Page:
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Hawaii filling world's aquariums
Ancheta Adrienne 
Staff 
Advertiser Final

Fishermen, dive operators, preservationists
battle over lucrative business

By Adrienne Ancheta, HONOLULU ADVERTISER STAFF WRITER

Dennis Yamaguchi's 13-foot Boston Whaler skiff - a joke among his friends for its 30 years of 
antiquity and diminutive size - bobs on a glossy sea under the glaring sun a quarter mile from 
the Haleiwa shore. A sea turtle, nearly a third the length of the boat, surfaces nearby for a gulp 
of air, looks at the boat curiously, then dives back toward the reef 100 feet below.

The reef, after all, is where the action is, and that is where Yamaguchi, 48, is headed with scuba 
gear, a bucket, three small mesh hand nets and a long pliable plastic rod. He gently coaxes his 
prey - such as yellow tang, Potter's angels and longnose butterfly fish - out of their hiding places
and into his 10-inch nets, collecting more than five dozen fish and crustaceans over three hours.



Dead fish have no value in Yamaguchi's business.

His catch on this day will sell for about $300 if it arrives alive, and he'll be left with about a 
$200 profit after deducting his expenses.



Yamaguchi is one of more than 200 commercial aquarium fishermen in Hawaii. His slow and careful 
methods have won praise from a worldwide organization trying to develop standards for the $200 million 
a year global industry. Aquarium fishermen in other countries, such as the Philippines and Indonesia,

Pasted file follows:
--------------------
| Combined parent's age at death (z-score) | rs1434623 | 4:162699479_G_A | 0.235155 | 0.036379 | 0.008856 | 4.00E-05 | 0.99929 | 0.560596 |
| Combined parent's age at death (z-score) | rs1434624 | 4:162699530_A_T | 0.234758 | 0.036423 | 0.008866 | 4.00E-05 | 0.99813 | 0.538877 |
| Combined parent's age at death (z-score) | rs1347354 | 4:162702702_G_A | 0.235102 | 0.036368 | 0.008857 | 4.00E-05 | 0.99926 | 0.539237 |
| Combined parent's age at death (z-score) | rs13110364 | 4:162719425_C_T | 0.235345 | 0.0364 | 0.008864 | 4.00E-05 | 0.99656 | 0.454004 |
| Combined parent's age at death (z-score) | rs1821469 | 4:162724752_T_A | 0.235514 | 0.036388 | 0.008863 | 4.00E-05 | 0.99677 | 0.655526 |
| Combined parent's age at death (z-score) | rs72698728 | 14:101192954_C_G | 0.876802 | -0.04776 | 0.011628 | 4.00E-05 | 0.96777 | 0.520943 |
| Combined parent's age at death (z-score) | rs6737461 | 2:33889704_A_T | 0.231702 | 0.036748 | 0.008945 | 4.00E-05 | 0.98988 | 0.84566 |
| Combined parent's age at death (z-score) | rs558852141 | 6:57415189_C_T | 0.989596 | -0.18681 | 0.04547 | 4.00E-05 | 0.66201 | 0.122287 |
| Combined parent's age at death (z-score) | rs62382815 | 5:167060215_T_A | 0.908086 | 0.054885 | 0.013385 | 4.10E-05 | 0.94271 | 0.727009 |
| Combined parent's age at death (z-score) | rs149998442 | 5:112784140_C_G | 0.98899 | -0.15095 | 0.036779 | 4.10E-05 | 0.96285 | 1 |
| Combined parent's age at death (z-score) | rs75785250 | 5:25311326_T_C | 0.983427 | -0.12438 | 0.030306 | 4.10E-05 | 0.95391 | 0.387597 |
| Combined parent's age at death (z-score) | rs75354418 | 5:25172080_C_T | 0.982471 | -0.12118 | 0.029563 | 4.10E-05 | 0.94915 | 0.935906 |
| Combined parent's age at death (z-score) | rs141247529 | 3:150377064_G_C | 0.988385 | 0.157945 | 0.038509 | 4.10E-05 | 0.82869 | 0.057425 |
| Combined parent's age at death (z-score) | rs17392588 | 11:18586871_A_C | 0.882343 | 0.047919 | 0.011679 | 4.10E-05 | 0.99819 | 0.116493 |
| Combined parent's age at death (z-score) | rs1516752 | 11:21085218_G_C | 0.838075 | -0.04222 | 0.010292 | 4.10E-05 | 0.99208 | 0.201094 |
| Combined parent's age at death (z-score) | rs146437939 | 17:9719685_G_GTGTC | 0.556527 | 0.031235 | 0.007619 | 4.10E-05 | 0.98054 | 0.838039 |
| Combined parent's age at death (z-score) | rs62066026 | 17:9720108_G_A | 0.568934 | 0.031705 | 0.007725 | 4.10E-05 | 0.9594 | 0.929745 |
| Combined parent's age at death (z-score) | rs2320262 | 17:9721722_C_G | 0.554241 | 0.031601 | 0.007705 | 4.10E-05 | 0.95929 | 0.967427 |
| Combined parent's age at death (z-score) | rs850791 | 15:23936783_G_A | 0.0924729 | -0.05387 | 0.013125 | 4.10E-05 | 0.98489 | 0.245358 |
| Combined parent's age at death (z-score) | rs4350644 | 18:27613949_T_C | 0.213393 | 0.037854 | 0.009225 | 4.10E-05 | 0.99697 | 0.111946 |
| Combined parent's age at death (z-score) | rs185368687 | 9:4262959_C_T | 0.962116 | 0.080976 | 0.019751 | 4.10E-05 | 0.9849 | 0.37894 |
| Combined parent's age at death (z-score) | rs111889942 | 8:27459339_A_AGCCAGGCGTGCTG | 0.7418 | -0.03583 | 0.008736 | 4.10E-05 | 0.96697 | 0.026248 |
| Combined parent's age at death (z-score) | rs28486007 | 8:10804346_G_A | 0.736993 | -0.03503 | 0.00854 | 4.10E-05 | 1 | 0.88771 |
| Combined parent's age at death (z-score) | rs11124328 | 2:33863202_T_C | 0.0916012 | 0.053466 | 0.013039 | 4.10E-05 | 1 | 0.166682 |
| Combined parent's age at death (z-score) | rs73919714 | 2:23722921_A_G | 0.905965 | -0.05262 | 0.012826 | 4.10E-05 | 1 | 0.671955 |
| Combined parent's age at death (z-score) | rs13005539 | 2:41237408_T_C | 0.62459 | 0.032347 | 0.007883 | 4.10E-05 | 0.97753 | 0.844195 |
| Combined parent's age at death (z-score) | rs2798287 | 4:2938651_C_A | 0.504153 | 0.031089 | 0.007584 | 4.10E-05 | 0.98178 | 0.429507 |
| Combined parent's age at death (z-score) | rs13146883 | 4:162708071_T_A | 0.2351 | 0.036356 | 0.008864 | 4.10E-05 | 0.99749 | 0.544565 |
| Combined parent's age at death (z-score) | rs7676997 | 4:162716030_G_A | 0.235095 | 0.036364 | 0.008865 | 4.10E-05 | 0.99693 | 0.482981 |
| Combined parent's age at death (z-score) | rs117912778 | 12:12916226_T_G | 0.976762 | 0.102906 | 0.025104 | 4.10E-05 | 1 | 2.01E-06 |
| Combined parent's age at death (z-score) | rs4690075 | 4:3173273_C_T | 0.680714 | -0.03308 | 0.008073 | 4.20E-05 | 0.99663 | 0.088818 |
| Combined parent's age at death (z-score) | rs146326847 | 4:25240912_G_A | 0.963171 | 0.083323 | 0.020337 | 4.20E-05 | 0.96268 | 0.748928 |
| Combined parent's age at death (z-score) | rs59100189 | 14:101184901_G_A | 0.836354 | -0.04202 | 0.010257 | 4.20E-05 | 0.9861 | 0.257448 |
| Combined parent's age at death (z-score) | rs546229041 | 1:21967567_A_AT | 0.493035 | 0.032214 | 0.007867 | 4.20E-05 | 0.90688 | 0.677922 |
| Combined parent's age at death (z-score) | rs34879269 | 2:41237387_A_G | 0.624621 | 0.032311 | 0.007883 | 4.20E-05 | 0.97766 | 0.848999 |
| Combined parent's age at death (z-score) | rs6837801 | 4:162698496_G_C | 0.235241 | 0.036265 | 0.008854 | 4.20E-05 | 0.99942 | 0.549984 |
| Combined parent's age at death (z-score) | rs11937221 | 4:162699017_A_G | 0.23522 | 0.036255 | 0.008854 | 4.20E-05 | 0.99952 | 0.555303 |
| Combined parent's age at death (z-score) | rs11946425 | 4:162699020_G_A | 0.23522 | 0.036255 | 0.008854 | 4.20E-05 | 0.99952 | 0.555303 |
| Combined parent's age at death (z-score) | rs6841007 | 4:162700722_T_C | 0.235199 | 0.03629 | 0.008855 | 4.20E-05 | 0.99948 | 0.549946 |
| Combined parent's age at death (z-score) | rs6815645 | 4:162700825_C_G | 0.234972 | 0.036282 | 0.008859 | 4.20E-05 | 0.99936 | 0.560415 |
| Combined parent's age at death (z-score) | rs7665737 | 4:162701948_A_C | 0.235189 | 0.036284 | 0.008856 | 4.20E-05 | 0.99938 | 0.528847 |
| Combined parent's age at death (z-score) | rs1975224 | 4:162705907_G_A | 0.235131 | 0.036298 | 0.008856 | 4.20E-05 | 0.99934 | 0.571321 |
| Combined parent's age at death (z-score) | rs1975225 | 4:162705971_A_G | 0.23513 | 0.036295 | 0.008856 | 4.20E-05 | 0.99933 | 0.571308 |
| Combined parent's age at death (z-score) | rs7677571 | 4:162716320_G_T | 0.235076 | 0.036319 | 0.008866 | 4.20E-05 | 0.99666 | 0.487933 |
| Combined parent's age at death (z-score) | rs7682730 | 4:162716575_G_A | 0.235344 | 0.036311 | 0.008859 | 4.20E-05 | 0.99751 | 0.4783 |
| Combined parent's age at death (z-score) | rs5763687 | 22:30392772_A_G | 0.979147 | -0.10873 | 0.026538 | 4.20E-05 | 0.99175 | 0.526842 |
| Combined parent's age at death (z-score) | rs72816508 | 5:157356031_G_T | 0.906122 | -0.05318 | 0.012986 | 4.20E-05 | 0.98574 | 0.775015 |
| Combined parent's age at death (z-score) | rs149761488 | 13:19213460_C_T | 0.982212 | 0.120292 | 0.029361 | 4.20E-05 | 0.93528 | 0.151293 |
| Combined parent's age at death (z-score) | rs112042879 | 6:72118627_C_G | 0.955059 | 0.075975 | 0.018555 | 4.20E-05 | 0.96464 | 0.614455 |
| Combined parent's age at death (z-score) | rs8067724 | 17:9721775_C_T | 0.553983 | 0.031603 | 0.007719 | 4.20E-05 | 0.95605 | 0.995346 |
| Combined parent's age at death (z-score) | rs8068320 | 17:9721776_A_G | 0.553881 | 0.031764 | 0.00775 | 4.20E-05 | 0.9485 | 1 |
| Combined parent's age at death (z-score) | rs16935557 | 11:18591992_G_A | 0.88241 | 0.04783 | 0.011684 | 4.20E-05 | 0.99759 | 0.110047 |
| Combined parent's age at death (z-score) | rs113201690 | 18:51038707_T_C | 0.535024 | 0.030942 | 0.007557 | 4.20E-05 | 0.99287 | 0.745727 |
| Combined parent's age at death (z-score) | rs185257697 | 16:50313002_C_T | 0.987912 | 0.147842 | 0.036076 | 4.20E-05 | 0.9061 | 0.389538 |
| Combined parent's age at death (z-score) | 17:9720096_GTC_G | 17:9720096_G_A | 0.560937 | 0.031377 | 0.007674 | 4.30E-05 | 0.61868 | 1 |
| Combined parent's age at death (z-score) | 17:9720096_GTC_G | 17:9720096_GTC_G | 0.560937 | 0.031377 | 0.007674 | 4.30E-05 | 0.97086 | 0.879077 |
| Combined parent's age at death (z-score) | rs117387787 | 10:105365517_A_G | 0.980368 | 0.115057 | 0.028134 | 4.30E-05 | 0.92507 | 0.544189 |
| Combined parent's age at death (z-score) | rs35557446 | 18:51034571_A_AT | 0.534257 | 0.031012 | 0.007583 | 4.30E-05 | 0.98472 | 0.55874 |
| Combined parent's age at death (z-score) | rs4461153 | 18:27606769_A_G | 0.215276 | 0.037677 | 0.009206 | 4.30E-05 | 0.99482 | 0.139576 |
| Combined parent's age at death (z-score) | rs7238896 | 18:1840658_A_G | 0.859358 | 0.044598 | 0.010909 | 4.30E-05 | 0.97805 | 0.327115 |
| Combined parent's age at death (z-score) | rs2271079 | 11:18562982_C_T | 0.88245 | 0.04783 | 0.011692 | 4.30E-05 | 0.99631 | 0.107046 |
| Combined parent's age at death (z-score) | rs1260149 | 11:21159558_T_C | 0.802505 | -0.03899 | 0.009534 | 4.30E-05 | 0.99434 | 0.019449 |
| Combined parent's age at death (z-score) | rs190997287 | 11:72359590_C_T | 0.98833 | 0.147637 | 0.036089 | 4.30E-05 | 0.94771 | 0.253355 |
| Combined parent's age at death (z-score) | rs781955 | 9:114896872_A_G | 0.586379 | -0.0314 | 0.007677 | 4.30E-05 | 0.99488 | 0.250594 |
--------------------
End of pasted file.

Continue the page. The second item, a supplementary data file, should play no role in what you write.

often use cyanide, which leaves a poisonous residue, to stun the fish.



"Techniques in Hawaii are defining best practice," said Paul Holthus, director of the Marine Aquarium 
Council, which is crafting the worldwide industry standards.

Skill and knowledge required


Yamaguchi began catching fish for his own saltwater aquarium as a teenager living in 'Aiea, and 
started selling his catch in 1970 when he found he could collect more than he needed. He snorkeled 
for fish until 1973, when he learned to scuba dive. By 1975, he was a full-time diver with his own 
boat. He has supported himself for more than 30 years by diving. In that time he has cultivated the 
ability to look at a spot and know whether he will get a catch.



He knows which way a fish will turn before the fish knows, said an admiring colleague.



Gathering live reef fish requires a level of skill and knowledge that deters many divers from entering 
the industry.



Catching the fish is only half the job. Getting them to the surface is always dicey. Fish must be 
decompressed to relieve pressure in their air bladders or they will explode as they are brought to 
the surface. That requires either a steady hand and a hypodermic needle or a lot of patience.

The hypodermic needle is used to pierce the bladder just below the fish's skin and release pressure 
before it is brought to the surface. The less-invasive method uses buckets with spring-loaded lids to 
bring fish to the surface slowly, similar to the way humans rest along a mountain trail to avoid altitude
 sickness.

Yamaguchi prefers the bucket method. Once he has the fish safely on shore, he takes them to Wayne's 
Ocean World in Halawa to collect cash.



Wayne Sugiyama runs one of the bigger import-export marine fish businesses in the state. With about 
10,000 gallons of specially treated water circulating through long handmade plexiglass tanks, he is 
able to take in up to 1,200 fish a week. About half his fish are local and the others are imported.



Sugiyama then sends them off to a wide range of destinations, from the Waikiki Aquarium to collectors
in Canada and Europe. In each case, delivering healthy fish is the name of his game.